Pierre has a question in his subtitle: “could mental illness denialism result in the same thing happening in the U.S.?” Before we become concerned about mental illness denialism (an undoubted problem), we might wonder whether the court in Pakistan, rather than denying the reality of schizophrenia (it says explicitly in it judgment that it isn't) is clumsily contesting its nature. Then, rather than worry about this thinking spreading to the US, we should glumly acknowledged that the situation here is not much better.

Thursday, 20 October 2016

A strange sad walk though asylum history

It is late afternoon on a warm fall day. New England is quiet and crisp under a pale blue sky and waning orange light. I am alone in a clearing, surrounded by radiant autumn leaves and the cold uniform stones of a cemetery.

In the heart of rural Connecticut, just under a kilometre from a river that wends through the state down to the Long Island Sound, is the graveyard for residents of what was once the state asylum. It is a lonely place, set back from a tarmacked road so that you have to drive along a wide gravel path with the dust kicking up behind you.

The cemetery sits in the lee of a valley with the huge crumbling redbrick buildings of a 19th century hospital just up the hill. Many of those are still in operation but now constitute a network of modern mental health services; inpatient units, community outreach teams and assorted therapeutic services. Although only a stone's throw away, they seem a million miles from this quiet corner. 

An air of calm prevails, with nothing but birdsong and the rustle of dry leaves to break the silence; a quiet that has a grim resonance to it. Although cemeteries are usually places of memory and melancholy reflection this is a peculiarly sad memorial. Other such places I have visited in America are brimming with the stories of the people they house. Whole patches of Queens are devoted to huge granite slabs bearing Irish or Italian names. Walking through them one is struck by the vigour of transatlantic migration, the keenness of struggle, and the strength of kin. 

These stones have no names, instead each is inscribed with a number. A simple designation made by the state hospital at a time when the people who died in such institutions were overwhelmingly anonymous and alone. At first glance it appears a relatively small plot of land, but look at the slabs and you see them creeping up to mark the resting places of over 1600 people. 

It is almost unbearable to think about the individual chains of events that must have led to so many forgotten people being buried here. At a time when all varieties of psychological and physical suffering were grouped into a morass of stigmatized hopelessness, individual stories were routinely submerged beneath an ocean of pessimism and neglect.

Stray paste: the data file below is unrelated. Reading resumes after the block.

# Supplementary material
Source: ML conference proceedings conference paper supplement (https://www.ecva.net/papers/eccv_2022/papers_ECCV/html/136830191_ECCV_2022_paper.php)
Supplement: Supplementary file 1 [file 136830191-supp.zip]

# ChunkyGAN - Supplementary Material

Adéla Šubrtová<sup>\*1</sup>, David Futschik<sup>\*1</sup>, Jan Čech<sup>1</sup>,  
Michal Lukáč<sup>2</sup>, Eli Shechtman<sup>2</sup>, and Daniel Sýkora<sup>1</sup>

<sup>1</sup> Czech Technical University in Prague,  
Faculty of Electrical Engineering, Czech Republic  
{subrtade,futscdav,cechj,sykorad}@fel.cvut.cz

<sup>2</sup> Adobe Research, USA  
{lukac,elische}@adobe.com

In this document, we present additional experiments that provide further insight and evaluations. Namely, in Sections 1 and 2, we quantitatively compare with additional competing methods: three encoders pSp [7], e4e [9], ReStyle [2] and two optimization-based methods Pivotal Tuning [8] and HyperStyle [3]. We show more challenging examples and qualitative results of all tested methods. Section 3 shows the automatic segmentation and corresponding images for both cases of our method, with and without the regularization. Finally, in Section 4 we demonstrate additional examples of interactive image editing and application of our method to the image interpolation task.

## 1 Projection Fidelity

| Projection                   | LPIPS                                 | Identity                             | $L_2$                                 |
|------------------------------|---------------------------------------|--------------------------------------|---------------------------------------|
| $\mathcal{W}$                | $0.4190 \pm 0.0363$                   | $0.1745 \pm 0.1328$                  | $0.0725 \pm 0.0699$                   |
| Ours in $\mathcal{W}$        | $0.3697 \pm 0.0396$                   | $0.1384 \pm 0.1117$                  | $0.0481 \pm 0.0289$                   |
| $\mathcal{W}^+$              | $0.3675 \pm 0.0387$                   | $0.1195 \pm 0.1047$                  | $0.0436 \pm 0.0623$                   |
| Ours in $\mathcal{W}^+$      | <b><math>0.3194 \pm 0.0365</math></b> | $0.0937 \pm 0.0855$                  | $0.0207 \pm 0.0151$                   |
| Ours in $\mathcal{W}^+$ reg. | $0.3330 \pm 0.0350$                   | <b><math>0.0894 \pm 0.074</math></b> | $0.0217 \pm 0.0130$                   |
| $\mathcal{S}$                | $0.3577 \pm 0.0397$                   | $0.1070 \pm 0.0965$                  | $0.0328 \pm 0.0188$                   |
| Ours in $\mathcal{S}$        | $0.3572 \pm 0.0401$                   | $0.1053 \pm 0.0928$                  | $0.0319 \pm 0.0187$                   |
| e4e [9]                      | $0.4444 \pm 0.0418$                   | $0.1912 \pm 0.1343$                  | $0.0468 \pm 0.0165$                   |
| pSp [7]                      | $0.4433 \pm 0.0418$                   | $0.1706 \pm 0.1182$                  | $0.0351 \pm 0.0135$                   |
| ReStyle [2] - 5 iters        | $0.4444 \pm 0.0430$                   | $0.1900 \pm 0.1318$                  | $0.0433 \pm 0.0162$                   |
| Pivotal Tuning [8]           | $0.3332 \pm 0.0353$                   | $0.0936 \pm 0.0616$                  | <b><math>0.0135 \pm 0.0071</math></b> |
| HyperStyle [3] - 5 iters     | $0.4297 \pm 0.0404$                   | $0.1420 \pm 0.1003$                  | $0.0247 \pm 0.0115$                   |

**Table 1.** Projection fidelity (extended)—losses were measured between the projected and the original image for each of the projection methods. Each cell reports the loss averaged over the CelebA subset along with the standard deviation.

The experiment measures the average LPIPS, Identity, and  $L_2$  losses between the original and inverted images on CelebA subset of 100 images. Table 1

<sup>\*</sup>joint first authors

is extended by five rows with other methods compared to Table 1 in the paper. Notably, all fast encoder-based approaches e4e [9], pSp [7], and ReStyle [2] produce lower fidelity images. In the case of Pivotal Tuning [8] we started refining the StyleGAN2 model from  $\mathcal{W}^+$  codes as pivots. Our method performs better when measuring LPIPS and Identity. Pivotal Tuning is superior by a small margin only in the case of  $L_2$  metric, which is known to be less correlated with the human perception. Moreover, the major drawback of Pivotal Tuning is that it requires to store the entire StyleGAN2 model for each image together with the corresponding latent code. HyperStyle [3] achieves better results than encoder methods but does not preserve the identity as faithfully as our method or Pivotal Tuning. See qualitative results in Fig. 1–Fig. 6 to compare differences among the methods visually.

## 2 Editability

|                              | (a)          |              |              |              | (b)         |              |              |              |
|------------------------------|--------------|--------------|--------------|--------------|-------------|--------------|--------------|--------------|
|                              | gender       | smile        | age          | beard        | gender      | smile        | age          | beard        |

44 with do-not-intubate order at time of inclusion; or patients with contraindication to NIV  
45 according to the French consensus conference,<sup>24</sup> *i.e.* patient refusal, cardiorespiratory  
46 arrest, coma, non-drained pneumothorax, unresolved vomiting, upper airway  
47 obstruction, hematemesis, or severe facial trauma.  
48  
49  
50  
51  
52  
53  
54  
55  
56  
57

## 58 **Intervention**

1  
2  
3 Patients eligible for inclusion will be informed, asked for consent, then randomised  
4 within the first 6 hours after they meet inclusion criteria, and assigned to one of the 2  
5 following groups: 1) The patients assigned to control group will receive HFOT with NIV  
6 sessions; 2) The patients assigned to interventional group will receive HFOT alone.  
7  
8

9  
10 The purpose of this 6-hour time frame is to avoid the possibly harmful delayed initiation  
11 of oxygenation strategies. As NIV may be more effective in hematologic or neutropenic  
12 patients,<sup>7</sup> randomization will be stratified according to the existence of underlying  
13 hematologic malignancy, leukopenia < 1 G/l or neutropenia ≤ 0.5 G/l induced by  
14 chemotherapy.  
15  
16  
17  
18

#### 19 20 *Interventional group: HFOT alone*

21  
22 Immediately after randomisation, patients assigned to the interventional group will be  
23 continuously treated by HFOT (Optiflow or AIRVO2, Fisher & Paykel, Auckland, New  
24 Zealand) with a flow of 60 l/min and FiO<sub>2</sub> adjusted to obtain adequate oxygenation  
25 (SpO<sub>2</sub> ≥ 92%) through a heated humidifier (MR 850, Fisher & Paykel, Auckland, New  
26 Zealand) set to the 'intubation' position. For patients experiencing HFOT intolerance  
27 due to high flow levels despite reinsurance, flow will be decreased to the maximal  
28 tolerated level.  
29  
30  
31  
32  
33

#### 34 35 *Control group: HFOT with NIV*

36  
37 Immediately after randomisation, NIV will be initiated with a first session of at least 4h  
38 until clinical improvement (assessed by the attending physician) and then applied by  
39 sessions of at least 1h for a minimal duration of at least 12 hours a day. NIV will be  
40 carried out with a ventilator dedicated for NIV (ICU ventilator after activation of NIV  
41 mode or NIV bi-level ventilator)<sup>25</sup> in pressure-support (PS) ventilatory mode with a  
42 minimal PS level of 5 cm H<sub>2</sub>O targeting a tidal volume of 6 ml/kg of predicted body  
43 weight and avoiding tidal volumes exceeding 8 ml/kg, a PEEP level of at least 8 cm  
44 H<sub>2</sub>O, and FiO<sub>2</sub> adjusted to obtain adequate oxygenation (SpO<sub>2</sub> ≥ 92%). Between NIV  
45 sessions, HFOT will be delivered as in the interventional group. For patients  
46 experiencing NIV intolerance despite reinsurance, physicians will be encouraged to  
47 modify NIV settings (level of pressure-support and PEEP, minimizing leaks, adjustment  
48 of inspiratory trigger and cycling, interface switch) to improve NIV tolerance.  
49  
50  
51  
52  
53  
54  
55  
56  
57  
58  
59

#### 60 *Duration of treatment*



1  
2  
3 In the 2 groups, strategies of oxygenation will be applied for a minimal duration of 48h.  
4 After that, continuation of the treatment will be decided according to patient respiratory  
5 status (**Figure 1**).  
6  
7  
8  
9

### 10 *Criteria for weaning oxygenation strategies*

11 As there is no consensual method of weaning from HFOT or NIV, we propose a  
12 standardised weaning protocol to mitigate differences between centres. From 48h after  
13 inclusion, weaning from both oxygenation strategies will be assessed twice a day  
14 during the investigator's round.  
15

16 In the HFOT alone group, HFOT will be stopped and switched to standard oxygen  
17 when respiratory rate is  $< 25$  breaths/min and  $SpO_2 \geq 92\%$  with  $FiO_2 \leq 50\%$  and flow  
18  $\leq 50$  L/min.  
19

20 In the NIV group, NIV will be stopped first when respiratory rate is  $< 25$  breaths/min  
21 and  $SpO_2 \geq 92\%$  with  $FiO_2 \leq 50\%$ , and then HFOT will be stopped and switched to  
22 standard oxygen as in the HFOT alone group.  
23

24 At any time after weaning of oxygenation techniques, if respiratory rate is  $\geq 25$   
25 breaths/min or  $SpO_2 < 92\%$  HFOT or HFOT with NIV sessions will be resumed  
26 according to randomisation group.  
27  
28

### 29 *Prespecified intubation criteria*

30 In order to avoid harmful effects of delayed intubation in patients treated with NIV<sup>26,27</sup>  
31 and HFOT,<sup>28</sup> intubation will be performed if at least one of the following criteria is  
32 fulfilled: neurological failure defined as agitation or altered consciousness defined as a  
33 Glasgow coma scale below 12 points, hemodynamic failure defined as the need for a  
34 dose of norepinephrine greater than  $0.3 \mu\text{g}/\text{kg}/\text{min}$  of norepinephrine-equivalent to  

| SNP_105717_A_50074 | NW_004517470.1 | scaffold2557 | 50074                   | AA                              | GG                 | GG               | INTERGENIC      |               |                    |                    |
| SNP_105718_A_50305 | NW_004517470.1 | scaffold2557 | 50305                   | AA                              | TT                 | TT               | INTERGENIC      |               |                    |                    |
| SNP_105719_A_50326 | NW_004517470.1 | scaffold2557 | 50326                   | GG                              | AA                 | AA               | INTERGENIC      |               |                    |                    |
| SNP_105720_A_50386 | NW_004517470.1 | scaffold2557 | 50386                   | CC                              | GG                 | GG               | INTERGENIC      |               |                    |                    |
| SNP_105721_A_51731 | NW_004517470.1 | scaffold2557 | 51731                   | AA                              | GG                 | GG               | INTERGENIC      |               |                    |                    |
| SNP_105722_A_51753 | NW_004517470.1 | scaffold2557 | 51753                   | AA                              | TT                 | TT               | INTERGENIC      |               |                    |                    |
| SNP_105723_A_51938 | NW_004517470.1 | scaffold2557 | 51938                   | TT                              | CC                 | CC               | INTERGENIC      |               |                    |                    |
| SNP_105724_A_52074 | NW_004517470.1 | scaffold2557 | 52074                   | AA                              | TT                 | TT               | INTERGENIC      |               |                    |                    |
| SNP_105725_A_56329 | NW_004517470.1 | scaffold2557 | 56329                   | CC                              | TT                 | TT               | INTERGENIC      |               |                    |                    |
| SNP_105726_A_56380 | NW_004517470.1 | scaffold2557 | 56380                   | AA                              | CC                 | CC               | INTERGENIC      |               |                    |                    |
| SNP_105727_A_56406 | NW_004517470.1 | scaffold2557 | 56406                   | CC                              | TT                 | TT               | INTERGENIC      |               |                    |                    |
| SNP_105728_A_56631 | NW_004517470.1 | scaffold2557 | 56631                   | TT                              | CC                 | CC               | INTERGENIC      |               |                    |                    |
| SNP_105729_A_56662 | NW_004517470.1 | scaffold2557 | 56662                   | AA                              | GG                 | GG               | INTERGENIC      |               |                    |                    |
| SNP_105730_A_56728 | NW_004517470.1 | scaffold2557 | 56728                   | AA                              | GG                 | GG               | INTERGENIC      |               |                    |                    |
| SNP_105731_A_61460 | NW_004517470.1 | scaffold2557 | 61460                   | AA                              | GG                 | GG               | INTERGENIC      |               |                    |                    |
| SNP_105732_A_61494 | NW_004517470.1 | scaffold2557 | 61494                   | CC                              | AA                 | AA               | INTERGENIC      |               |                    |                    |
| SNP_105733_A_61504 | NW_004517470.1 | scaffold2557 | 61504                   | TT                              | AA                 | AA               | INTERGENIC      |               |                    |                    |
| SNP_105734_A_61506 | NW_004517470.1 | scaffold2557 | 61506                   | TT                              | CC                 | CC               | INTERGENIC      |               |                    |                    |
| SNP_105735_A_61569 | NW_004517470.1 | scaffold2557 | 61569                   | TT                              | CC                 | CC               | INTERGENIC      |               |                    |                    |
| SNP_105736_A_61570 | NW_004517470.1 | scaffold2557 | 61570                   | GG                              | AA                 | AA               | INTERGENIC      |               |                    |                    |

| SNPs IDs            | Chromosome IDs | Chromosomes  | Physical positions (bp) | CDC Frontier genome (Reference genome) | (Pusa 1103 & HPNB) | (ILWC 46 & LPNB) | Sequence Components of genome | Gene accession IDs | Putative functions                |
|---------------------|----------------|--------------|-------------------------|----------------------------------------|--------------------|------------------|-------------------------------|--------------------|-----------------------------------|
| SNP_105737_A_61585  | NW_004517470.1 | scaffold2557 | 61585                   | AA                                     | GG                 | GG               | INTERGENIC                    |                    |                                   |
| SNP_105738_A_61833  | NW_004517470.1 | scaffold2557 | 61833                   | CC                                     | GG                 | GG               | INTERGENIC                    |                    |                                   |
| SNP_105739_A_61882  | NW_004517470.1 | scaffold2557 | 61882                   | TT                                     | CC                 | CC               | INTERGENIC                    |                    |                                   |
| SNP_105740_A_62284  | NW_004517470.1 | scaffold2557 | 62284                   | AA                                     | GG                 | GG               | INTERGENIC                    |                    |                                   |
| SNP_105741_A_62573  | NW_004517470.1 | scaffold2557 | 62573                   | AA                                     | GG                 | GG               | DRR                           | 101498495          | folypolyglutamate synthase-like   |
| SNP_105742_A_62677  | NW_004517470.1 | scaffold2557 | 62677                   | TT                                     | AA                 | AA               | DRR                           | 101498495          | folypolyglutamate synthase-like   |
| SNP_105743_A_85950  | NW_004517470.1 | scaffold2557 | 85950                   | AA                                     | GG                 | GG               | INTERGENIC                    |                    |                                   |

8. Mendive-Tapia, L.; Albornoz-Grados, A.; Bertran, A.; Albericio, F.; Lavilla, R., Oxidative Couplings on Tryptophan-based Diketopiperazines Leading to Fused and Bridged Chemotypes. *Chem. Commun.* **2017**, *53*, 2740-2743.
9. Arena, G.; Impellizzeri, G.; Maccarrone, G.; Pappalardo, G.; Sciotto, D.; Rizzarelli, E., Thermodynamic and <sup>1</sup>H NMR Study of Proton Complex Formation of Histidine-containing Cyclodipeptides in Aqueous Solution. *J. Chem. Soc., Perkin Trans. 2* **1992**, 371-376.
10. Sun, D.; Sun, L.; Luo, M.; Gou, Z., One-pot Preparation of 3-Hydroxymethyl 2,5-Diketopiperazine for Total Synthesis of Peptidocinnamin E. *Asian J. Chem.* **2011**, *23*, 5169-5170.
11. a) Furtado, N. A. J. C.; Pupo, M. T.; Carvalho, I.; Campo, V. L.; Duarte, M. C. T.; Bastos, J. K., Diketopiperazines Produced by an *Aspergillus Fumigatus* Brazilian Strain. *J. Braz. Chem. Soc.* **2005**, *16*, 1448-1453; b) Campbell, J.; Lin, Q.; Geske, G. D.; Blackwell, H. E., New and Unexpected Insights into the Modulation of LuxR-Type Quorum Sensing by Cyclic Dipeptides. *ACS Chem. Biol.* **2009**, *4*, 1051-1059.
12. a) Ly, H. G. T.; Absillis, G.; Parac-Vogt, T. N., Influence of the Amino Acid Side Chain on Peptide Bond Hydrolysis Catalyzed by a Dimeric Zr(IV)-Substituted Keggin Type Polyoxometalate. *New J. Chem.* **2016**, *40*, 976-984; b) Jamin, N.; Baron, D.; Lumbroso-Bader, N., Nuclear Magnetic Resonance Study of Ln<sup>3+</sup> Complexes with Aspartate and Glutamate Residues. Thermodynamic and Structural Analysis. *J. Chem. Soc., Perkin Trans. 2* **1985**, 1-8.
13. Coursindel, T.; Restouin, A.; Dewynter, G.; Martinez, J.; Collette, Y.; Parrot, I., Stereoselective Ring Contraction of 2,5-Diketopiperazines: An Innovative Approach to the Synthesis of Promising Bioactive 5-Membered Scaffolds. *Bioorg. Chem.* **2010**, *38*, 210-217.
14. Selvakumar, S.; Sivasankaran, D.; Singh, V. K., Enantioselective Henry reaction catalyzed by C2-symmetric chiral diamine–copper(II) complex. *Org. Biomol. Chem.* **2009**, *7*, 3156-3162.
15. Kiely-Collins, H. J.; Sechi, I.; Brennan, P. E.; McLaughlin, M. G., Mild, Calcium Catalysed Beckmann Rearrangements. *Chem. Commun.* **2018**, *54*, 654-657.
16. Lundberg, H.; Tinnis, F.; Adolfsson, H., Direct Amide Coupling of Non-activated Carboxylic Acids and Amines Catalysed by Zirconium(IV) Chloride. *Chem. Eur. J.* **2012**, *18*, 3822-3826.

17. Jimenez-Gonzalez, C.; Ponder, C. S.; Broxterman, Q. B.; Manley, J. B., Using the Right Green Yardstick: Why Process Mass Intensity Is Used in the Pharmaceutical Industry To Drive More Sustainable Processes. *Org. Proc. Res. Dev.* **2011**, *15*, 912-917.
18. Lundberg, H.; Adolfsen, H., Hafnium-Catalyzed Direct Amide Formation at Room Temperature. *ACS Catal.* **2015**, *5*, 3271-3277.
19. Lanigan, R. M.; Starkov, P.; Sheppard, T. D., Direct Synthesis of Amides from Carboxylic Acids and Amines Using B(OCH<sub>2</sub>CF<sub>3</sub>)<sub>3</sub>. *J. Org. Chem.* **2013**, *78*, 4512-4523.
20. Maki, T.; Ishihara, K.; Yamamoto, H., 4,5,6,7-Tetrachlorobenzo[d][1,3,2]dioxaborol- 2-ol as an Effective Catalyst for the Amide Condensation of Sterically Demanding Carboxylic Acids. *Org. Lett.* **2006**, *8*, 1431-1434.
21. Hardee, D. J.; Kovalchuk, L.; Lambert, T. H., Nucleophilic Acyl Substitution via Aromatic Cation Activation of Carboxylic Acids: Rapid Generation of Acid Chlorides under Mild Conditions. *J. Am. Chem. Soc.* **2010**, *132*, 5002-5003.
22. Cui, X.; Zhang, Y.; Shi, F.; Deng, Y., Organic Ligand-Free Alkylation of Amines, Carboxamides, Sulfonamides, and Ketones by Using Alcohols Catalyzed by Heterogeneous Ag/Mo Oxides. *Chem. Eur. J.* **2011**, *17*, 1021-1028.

I find myself hoping that at least each burial was attended by a ceremony of some sort, that the staff on the wards had fond memories of the people they were saying goodbye to. At a conference earlier this year I saw historians of madness discuss the turn toward investigating their subject from the perspective of the patients. The anonymity of this secluded graveyard feels like a vivid testament to the need for that scholarship.

Happily there has been an injection of much needed attention here. Between 2001 and 2015, a coalition of people, including retired pastors and the Connecticut Alliance for the Mentally Ill, have overseen the construction of a separate memorial linking the numbers on each of those headstones to the names of those buried beneath. Now three larger slabs stand at the front of the cemetery, with a dignified reminder of the fact that so many humans are buried here. 

Two news articles covered the process of creating the new memorial. This long piece in the New York Times came out just months after the attacks on the World Trade Center, and compared the sheer quantity of numbered dead with the losses experienced in that disaster. This article in the local Hartford Courant marked the successful completion of the project. Both contain moving stories about families finally filling in the gaps in the stories of lost relatives. Multiply them by 1,686 and you can acquire some sense of the human scale.